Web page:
But the events of the crucifixion and resurrection of Jesus, in place of a worldly coronation and political reign in Jerusalem, also removed from the apostles the previous context of determining who would have high positions in the supposed new government…under Jesus.
The first-century church of new Christian converts was the actual kingdom that resulted from the ministry of Jesus, not the worldly reign of Jesus the political King in Jerusalem.
In the context of the New Testament church, Jesus’ teachings about the least being the greatest, Jesus washing the apostle’s feet, and Jesus using a young child as the example of the correct attitude for spiritual leadership, now made perfect sense to the apostles.
Luke 20:46-47 reads:
46 Beware of the scribes, who desire to walk in long robes, and love greetings in the market places, and the highest seats in the synagogues, and the chief rooms at feasts.
47 Who devour widow’s houses, and for a show make long prayers, the same shall receive greater condemnation.
When the apostles disputed among themselves who should be the greatest, they were on a parallel road in terms of attitude with these scribes. Although they did not realize it, they too were similarly thinking about wearing long robes, being greeted as “somebody” in the market place, having the highest seats in the synagogue, and occupying the chief rooms at festivals.
The sinful pride side of their natures was showing itself in this dispute, on account of the context of the possible upcoming rulership of Jesus in Israel. This would have been the beginning of church-leadership personality conflicts, power structures, political intrigue, and unholy ambition in the Christian church.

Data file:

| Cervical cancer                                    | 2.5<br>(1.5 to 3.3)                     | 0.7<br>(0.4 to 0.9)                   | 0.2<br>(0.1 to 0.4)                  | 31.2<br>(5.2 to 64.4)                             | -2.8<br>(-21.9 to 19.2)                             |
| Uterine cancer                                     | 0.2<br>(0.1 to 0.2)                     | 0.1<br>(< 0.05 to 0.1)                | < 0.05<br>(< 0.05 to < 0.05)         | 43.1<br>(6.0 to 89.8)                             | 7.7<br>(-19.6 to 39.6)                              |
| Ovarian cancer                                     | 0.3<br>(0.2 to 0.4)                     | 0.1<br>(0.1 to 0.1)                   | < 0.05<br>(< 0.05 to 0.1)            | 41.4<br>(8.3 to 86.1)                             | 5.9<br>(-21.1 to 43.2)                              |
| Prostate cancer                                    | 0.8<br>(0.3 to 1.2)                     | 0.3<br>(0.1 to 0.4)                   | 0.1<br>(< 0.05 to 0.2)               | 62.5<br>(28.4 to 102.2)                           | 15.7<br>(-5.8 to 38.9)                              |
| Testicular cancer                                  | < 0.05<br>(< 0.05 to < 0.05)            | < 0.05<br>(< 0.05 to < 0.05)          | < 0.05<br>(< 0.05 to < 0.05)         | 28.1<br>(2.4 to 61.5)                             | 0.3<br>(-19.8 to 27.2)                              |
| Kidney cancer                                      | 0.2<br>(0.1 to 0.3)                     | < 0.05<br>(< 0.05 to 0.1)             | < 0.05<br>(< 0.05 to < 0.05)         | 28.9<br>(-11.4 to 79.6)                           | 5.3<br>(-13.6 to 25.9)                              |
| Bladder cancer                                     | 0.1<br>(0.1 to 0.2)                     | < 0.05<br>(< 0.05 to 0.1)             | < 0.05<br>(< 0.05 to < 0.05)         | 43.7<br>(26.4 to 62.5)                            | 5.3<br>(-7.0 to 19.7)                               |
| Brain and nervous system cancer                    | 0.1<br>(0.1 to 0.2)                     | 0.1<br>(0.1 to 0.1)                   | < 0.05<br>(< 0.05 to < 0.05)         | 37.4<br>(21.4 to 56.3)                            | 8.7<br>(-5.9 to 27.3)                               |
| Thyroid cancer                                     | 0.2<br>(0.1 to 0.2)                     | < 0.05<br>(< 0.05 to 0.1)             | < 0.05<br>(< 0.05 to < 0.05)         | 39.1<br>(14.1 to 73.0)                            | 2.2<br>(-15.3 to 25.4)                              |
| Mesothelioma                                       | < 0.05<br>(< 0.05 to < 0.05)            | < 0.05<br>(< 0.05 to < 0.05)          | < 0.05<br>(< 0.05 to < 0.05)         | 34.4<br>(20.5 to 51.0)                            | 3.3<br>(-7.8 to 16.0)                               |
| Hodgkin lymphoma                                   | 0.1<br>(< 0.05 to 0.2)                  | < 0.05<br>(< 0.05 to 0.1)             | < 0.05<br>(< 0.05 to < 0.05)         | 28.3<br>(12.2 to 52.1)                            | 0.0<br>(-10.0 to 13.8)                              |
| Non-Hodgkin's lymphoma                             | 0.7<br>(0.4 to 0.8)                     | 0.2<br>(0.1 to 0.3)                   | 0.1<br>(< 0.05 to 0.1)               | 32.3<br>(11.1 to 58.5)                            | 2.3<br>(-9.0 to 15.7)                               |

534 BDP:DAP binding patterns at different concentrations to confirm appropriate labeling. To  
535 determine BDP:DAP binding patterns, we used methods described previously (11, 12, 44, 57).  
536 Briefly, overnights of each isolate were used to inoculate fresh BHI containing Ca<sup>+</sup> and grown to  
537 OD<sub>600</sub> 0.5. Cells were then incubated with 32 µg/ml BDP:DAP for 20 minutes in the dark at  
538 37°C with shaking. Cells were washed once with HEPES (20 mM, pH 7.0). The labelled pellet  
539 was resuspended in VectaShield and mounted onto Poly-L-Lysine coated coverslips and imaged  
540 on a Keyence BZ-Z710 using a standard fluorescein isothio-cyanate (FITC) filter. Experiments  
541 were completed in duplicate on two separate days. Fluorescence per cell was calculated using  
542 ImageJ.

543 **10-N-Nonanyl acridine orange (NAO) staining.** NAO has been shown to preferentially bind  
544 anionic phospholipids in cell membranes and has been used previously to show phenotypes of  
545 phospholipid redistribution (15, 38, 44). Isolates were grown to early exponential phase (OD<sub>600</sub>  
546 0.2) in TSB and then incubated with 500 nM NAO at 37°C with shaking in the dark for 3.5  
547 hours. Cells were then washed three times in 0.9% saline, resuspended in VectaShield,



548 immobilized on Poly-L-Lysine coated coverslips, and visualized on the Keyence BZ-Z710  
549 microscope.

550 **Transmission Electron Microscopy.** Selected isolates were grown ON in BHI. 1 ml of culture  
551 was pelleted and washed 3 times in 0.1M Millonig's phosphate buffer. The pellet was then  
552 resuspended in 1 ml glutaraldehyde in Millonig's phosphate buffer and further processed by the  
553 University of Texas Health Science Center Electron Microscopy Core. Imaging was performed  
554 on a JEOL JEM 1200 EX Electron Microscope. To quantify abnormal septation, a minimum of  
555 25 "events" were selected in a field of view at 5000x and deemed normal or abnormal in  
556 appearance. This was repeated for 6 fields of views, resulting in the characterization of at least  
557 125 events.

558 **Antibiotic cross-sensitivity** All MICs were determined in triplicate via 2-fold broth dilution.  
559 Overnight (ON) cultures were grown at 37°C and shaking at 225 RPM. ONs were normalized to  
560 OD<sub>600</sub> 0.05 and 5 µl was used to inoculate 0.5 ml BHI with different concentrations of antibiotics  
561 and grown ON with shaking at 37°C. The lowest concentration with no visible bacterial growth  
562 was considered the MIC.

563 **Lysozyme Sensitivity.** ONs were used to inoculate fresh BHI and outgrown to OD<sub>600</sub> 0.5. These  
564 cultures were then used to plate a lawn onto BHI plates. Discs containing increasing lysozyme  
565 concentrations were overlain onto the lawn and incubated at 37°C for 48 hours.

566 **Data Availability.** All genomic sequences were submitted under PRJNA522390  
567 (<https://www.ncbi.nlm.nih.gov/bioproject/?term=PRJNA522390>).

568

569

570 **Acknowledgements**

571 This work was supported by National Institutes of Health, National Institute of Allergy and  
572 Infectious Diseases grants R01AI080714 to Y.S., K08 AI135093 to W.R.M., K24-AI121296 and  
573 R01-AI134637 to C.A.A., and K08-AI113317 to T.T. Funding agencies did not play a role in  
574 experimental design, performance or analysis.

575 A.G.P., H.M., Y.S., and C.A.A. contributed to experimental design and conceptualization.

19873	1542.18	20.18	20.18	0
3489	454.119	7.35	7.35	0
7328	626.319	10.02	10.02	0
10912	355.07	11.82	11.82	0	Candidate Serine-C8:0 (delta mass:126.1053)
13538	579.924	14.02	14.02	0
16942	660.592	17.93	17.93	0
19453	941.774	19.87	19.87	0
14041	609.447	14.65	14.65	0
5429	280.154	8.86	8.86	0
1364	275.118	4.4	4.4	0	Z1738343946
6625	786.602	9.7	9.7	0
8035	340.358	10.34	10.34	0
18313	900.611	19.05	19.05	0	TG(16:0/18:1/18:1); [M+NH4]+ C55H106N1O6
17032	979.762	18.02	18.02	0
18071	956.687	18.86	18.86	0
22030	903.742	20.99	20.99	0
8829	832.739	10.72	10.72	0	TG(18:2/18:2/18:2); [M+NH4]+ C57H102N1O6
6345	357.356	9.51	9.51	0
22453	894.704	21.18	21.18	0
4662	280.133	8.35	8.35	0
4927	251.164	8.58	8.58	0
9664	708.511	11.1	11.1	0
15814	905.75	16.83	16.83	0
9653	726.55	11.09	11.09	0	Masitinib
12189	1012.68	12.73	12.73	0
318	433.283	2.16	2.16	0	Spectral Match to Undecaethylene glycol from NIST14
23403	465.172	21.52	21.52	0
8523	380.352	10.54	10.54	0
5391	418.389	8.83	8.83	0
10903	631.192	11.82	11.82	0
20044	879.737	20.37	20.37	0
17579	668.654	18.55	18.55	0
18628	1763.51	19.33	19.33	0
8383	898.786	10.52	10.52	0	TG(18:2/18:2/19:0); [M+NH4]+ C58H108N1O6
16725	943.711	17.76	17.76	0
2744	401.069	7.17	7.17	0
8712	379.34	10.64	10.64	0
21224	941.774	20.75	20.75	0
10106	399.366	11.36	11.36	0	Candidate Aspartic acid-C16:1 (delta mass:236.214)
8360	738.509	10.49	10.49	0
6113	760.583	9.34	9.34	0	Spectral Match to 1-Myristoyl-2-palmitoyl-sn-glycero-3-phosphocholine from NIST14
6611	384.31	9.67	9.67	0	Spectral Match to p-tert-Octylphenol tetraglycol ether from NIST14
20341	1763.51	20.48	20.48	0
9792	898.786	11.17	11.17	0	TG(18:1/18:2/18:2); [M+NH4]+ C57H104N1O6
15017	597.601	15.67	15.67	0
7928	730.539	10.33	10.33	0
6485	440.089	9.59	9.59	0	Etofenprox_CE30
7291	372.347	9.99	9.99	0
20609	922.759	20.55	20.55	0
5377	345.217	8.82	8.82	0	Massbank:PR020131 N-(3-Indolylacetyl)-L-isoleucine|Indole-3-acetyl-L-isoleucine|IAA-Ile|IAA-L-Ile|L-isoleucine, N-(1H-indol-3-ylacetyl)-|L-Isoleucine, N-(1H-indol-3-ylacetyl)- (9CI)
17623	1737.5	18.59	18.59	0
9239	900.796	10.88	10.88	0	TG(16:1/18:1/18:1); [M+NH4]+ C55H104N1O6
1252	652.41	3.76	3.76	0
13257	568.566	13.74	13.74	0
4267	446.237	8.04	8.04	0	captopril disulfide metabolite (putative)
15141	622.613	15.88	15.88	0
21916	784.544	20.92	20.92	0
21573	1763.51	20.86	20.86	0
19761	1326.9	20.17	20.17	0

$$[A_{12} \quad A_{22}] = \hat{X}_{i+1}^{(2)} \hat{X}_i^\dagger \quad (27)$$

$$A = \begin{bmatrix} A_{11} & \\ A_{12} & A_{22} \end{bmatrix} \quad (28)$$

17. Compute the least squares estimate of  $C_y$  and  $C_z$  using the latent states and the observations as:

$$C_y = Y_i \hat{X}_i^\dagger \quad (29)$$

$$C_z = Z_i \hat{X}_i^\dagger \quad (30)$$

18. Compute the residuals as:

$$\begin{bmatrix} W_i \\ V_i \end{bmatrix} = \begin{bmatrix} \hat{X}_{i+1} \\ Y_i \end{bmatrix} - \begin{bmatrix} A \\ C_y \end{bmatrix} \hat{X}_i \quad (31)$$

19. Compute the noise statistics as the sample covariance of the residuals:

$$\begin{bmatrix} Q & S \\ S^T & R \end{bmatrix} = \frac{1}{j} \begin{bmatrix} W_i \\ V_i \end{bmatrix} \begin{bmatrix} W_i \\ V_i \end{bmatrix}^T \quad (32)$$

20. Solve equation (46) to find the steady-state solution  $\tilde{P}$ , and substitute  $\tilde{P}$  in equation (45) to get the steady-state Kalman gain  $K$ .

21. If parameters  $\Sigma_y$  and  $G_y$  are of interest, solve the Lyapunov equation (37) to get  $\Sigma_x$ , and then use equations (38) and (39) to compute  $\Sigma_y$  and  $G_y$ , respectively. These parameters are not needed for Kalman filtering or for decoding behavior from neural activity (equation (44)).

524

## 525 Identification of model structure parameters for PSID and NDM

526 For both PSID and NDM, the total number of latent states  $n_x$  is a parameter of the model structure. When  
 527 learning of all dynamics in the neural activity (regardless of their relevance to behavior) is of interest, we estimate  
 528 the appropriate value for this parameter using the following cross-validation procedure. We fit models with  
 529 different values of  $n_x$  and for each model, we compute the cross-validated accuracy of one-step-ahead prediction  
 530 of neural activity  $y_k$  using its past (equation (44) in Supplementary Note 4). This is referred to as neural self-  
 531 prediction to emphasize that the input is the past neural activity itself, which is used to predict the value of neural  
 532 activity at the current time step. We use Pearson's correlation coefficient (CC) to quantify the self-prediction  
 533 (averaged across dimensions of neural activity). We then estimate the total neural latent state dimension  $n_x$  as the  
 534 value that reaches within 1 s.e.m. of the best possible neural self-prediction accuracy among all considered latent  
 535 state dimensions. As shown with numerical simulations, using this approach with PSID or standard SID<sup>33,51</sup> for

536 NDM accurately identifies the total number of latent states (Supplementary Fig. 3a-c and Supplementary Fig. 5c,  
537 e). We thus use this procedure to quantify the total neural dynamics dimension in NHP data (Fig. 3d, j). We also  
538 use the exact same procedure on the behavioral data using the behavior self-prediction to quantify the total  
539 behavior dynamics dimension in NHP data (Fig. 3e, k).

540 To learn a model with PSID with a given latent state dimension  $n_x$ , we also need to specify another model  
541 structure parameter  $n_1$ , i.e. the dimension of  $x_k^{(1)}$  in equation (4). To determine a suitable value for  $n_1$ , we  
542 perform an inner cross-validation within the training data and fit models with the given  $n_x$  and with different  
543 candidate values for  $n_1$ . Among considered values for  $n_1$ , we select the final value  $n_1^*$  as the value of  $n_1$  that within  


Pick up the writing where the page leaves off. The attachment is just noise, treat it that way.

That is why Jesus took the time to speak to them about this important issue on several occasions.
And that is why, in God’s infinite wisdom, He produced a different context for His Bride…the Church…from what the apostles had in mind as they disputed on their way to Jerusalem who would be the greatest.
God had in mind the humble New Testament church that could evangelize the world without the burden of worldly ambitions and concerns. The three thousand new converts on the Day of Pentecost would need church leaders who were humble shepherds and “servants of all”, not self-important people more concerned with their outward appearances, titles, and reputations like the scribes of Luke 20:46-47.
In Peter’s speech to the multitudes on the Day of Pentecost, there is not a hint about himself, or about any personal ambitions regarding what he plans to do or to build in Jerusalem.
Everything in Peter’s message is about Jesus, and about people coming to Christ through faith.
Peter is no longer thinking about having drapes measured for his large corner office in the Temple. Peter is fishing for men according to his true calling (Mk. 1:17), not fishing for financial donations to build something.